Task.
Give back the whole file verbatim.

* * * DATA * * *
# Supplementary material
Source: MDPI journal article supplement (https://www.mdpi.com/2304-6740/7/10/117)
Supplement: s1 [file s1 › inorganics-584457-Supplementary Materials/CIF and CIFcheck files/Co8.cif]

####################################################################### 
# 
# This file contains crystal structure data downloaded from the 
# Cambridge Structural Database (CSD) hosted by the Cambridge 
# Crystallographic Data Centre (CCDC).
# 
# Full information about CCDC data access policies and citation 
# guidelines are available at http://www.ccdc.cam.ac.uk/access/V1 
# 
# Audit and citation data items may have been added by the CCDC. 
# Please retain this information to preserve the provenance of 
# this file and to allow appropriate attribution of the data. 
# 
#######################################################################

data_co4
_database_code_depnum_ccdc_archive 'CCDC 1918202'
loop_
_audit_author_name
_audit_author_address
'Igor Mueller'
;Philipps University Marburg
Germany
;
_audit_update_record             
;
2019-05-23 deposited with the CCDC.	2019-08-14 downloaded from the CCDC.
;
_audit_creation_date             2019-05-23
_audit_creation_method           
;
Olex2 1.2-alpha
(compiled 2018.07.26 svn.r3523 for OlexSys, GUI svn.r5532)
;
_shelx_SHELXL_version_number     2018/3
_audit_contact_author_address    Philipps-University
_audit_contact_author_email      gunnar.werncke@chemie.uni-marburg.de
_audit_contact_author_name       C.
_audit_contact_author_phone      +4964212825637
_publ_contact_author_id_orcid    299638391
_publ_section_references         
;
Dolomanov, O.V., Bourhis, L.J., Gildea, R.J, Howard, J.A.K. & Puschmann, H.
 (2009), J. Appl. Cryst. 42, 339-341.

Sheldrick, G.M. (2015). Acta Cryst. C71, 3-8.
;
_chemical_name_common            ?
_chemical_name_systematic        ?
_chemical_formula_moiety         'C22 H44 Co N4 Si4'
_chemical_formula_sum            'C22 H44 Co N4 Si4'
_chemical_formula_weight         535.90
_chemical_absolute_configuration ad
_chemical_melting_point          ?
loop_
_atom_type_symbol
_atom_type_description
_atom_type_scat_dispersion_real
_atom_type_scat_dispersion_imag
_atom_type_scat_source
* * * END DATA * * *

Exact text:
# Supplementary material
Source: MDPI journal article supplement (https://www.mdpi.com/2304-6740/7/10/117)
Supplement: s1 [file s1 › inorganics-584457-Supplementary Materials/CIF and CIFcheck files/Co8.cif]

####################################################################### 
# 
# This file contains crystal structure data downloaded from the 
# Cambridge Structural Database (CSD) hosted by the Cambridge 
# Crystallographic Data Centre (CCDC).
# 
# Full information about CCDC data access policies and citation 
# guidelines are available at http://www.ccdc.cam.ac.uk/access/V1 
# 
# Audit and citation data items may have been added by the CCDC. 
# Please retain this information to preserve the provenance of 
# this file and to allow appropriate attribution of the data. 
# 
#######################################################################

data_co4
_database_code_depnum_ccdc_archive 'CCDC 1918202'
loop_
_audit_author_name
_audit_author_address
'Igor Mueller'
;Philipps University Marburg
Germany
;
_audit_update_record             
;
2019-05-23 deposited with the CCDC.	2019-08-14 downloaded from the CCDC.
;
_audit_creation_date             2019-05-23
_audit_creation_method           
;
Olex2 1.2-alpha
(compiled 2018.07.26 svn.r3523 for OlexSys, GUI svn.r5532)
;
_shelx_SHELXL_version_number     2018/3
_audit_contact_author_address    Philipps-University
_audit_contact_author_email      gunnar.werncke@chemie.uni-marburg.de
_audit_contact_author_name       C.
_audit_contact_author_phone      +4964212825637
_publ_contact_author_id_orcid    299638391
_publ_section_references         
;
Dolomanov, O.V., Bourhis, L.J., Gildea, R.J, Howard, J.A.K. & Puschmann, H.
 (2009), J. Appl. Cryst. 42, 339-341.

Sheldrick, G.M. (2015). Acta Cryst. C71, 3-8.
;
_chemical_name_common            ?
_chemical_name_systematic        ?
_chemical_formula_moiety         'C22 H44 Co N4 Si4'
_chemical_formula_sum            'C22 H44 Co N4 Si4'
_chemical_formula_weight         535.90
_chemical_absolute_configuration ad
_chemical_melting_point          ?
loop_
_atom_type_symbol
_atom_type_description
_atom_type_scat_dispersion_real
_atom_type_scat_dispersion_imag
_atom_type_scat_source